The court is not in session tomorrow, nor Monday (the MLK holiday). Evidence resumes for just two days next week – 1-22 and 23; then the trial resumes its four day schedule on Monday January 28. A leisurely trial pace is not uncommon in Judge Goodman’s court, who maintains a criminal calendar on Fridays and tends to be solicitous to counsel’s needs during a long trial.

The Out-Lawyer Blog will probably be silent the week of January 28 – I’m out of town – but there will be a post on Monday February 4, summarizing that entire trial week (the one ending on 2-1).


Yesterday, the jury heard details about the search of Nina’s van and the Exeter house.

As expected, there was no evidence of blood in the minivan. But everything — from the rotting groceries, the abandoned purse, money, ‘to do list’ and personal effects — screamed a single message:

Something unexpected and drastic has happened to the driver.

It was a scene reminiscent of one of those Pompey tableaus – a snapshot of a life permanently interrupted.

One thing stands out as a sort of signature. Nina’s cellphone was with her personal effects. But the battery was disconnected. It is hard to imagine why Nina would have done that. A sinister implication is almost inescapable: Someone who did not want the van to be discovered right away, someone who knew about how the authorities can trace the ongoing signal transmitted by a dormant cell phone — removed the battery.

Someone too clever by half — that same someone who showed up at the police station later, after evading police surveillance, someone carrying a fanny pack that – when searched – was discovered containing a cell phone with the battery disconnected…

In Reiser’s home

The DA is likely to argue that the cleverest of criminals tends to leave telltale clues, items overlooked. The jury will hear about the forensic DNA tests later, showing a positive match with Nina’s blood, in some cases intriguingly located close to Hans’ blood.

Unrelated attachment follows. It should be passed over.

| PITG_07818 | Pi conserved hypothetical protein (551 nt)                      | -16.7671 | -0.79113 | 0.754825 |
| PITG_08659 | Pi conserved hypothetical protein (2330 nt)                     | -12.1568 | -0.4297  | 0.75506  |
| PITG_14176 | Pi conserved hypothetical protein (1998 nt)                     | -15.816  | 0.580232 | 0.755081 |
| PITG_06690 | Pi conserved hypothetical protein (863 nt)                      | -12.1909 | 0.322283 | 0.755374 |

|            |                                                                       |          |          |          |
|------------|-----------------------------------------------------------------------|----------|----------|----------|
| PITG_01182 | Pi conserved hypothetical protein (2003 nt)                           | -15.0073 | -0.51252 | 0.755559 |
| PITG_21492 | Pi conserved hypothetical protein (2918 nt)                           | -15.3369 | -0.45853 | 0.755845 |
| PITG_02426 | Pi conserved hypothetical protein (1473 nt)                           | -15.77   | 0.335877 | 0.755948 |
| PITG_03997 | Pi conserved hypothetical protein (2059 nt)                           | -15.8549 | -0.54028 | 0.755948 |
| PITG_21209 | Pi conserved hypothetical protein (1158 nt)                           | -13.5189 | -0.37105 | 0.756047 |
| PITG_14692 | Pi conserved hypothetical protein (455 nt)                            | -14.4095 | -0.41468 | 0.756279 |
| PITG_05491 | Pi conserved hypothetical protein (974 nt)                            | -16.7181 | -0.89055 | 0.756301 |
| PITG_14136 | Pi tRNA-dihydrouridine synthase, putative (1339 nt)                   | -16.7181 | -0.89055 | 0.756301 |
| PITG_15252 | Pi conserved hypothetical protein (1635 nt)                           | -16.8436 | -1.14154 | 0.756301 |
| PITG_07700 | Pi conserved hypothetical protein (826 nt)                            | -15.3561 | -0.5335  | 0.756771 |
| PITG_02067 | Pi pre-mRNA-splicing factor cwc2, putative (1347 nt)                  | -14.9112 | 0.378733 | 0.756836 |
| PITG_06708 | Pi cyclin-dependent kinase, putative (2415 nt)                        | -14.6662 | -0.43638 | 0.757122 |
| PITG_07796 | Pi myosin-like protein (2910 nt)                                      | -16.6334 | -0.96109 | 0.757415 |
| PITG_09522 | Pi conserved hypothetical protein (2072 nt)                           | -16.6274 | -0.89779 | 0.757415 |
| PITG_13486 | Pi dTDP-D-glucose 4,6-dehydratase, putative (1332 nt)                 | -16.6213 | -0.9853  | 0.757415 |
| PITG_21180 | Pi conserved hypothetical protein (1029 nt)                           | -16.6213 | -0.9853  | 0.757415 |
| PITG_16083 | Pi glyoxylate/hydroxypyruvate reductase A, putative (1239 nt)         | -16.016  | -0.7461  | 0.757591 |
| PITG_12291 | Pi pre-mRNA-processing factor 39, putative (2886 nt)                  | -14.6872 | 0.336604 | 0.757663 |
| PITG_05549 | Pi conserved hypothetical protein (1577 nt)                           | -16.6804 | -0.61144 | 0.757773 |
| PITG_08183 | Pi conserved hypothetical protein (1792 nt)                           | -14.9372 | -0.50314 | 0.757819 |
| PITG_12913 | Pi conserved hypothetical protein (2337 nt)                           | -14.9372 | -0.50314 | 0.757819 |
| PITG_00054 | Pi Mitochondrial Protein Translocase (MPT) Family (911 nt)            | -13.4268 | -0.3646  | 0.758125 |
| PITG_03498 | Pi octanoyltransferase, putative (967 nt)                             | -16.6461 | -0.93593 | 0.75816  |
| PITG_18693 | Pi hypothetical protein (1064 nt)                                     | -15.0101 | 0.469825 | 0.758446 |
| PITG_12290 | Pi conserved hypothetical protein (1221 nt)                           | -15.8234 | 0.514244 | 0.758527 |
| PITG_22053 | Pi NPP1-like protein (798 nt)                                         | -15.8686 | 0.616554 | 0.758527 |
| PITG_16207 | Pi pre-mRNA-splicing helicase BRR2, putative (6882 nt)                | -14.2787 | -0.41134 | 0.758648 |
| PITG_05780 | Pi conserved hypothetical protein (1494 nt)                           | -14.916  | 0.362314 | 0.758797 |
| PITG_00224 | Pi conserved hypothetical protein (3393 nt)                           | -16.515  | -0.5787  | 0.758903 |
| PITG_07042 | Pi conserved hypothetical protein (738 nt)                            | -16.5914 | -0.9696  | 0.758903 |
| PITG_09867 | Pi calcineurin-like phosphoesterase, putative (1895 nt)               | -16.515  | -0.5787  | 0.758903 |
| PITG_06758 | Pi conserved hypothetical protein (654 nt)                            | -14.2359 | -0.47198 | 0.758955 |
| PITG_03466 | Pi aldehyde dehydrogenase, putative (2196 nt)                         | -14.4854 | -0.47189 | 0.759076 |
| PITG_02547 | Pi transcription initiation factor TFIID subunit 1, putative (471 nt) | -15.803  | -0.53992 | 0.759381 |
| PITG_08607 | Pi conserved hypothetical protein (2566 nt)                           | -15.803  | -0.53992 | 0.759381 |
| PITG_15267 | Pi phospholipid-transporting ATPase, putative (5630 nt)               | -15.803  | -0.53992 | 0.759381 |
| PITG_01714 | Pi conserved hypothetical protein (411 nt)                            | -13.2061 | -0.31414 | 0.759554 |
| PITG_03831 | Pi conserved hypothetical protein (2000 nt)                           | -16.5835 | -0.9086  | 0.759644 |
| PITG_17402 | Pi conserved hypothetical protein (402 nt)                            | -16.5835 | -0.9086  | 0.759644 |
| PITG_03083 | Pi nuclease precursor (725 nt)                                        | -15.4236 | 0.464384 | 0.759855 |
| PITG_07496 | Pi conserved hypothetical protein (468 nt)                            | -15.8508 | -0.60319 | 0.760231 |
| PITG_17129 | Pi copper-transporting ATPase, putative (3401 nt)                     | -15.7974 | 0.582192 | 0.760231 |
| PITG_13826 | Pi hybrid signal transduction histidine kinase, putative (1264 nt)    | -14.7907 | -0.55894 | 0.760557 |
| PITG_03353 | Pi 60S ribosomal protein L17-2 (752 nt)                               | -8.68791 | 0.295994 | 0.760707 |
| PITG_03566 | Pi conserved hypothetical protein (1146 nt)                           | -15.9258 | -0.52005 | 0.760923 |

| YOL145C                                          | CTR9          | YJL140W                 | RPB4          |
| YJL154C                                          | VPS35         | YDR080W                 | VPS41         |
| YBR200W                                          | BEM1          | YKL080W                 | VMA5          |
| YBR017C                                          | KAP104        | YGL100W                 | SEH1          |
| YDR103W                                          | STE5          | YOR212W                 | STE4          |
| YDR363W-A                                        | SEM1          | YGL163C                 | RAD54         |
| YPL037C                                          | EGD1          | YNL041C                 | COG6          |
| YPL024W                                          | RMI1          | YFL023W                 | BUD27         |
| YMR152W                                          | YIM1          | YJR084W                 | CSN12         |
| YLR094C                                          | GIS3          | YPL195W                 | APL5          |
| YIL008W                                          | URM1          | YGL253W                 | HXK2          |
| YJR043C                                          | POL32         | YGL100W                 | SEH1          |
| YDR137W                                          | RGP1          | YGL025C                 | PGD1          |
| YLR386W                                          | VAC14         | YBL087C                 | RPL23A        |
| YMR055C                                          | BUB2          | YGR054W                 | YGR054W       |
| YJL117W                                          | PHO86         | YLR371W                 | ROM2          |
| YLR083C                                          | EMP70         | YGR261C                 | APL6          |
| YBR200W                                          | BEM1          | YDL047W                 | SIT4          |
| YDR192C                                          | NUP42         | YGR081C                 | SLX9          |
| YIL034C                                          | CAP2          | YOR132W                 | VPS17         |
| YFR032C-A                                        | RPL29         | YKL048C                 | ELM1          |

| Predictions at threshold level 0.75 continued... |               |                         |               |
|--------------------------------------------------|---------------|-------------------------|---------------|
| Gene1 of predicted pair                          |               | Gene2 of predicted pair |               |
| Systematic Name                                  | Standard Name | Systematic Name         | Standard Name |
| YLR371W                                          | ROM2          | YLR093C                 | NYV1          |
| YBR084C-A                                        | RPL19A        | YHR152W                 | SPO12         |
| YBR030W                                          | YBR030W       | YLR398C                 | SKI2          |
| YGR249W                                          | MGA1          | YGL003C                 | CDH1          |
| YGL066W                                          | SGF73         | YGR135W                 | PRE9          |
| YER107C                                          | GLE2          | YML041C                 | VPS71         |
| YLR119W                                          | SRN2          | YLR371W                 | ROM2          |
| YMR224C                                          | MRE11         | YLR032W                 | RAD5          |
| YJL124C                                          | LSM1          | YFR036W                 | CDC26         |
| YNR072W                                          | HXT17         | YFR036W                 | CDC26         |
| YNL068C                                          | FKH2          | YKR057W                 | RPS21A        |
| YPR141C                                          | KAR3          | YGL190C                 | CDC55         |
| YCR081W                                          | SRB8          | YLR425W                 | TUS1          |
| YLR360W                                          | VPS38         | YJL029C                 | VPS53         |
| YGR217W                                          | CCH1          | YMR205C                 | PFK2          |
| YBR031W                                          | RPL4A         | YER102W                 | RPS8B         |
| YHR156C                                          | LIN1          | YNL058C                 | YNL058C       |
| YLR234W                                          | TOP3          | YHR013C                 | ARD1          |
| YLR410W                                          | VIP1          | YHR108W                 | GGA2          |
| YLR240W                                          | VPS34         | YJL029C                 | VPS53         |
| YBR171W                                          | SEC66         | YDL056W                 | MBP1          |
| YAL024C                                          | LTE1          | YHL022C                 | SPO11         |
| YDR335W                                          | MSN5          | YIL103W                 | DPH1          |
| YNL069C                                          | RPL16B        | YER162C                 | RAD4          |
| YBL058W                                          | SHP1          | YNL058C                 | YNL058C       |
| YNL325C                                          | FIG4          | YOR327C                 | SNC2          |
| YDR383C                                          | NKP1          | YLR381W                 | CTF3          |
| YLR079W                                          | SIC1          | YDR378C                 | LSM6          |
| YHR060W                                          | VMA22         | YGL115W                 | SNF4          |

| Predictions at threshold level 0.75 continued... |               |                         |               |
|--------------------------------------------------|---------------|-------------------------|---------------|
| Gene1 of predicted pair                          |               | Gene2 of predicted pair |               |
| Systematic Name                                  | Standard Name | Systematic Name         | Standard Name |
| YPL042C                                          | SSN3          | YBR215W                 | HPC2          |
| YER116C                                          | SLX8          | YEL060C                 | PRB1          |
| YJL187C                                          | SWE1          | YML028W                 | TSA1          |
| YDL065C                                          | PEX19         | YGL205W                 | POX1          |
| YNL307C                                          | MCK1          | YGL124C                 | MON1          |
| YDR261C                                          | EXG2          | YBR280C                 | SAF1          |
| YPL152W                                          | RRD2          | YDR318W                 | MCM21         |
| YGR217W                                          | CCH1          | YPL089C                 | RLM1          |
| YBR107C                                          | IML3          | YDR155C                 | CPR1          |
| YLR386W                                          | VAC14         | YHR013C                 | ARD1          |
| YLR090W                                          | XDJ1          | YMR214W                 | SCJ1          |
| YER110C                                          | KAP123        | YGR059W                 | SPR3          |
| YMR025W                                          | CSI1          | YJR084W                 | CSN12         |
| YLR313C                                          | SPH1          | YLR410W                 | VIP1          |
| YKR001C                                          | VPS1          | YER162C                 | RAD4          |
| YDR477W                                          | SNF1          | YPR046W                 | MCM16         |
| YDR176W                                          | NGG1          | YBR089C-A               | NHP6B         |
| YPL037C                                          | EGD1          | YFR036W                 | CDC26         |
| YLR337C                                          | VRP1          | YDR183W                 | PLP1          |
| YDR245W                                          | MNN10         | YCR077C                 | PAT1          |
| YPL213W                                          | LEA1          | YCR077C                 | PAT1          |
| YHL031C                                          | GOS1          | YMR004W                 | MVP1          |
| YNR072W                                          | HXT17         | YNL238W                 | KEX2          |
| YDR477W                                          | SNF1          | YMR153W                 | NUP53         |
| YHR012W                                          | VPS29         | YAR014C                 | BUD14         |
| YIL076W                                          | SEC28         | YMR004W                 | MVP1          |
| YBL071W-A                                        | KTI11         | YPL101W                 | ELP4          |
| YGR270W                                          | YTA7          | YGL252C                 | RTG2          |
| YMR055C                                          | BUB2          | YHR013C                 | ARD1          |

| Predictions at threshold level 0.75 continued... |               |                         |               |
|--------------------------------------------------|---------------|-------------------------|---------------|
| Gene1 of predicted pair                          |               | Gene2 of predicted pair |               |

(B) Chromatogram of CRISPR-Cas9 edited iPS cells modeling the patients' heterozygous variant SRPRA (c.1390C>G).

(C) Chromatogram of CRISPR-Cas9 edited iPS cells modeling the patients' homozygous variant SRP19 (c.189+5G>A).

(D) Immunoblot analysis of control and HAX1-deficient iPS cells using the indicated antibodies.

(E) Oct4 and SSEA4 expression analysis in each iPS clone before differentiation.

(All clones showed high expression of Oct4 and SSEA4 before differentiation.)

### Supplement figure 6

A single mote of blood (thinking of the sleeping bag cover recovered from Hans’ car) might be explained away, but the more blood locations and quantities to explain, the less convincing the putative innocent explanations, and the more probative the sinister ones.

Pending the incoming forensic evidence, we can take note that Nina did not live in the Exeter house and that we therefore might not expect to find any of her blood in any part of that house, in the normal course of events. And we can reasonably infer that the afternoon of September 3, 2006, was not ‘in the normal course of events’.

Suspect blood traces were identified and tested from the following locations in the Exeter house, the one owned by Hans mother and that he shared with her during the pending divorce:

A white comforter,
A mattress,
A throw pillow,
A light switch in the same unfinished basement where the jury was shown photos of cement bags,
The entryway post &
The living room couch.

Also of interest:

In the crawl space under the Exeter house: two pristine shovels and one pick.

In a doorway leading into the house: white powder.

We can be confident that Mom didn’t buy the tools kept under the house, and that Hans chose to secrete them where they would not be spotted. Their unused condition, however, makes the point almost, but not quite moot.

I assume that the mystery white powder was tested. The jury is wondering whether it was cement. So am I…

Here are two questions for the experts:

How long would it take a dead body, stuffed into a large plastic bag, then covered in cement slurry, to set up?
Would the cement and bag be sufficient to suppress the god-awful smell of a decaying corpse?

Assuming, arguendo, that Mr. Reiser used the garage to accomplish this cement treatment, is it not plausible that he would want to wash the driveway carefully, perhaps wearing a long jacket in hot weather to stay as clear as possible?

You can be sure that the hunting jacket described by the neighbor who saw Hans hosing his driveway has been carefully disposed of….


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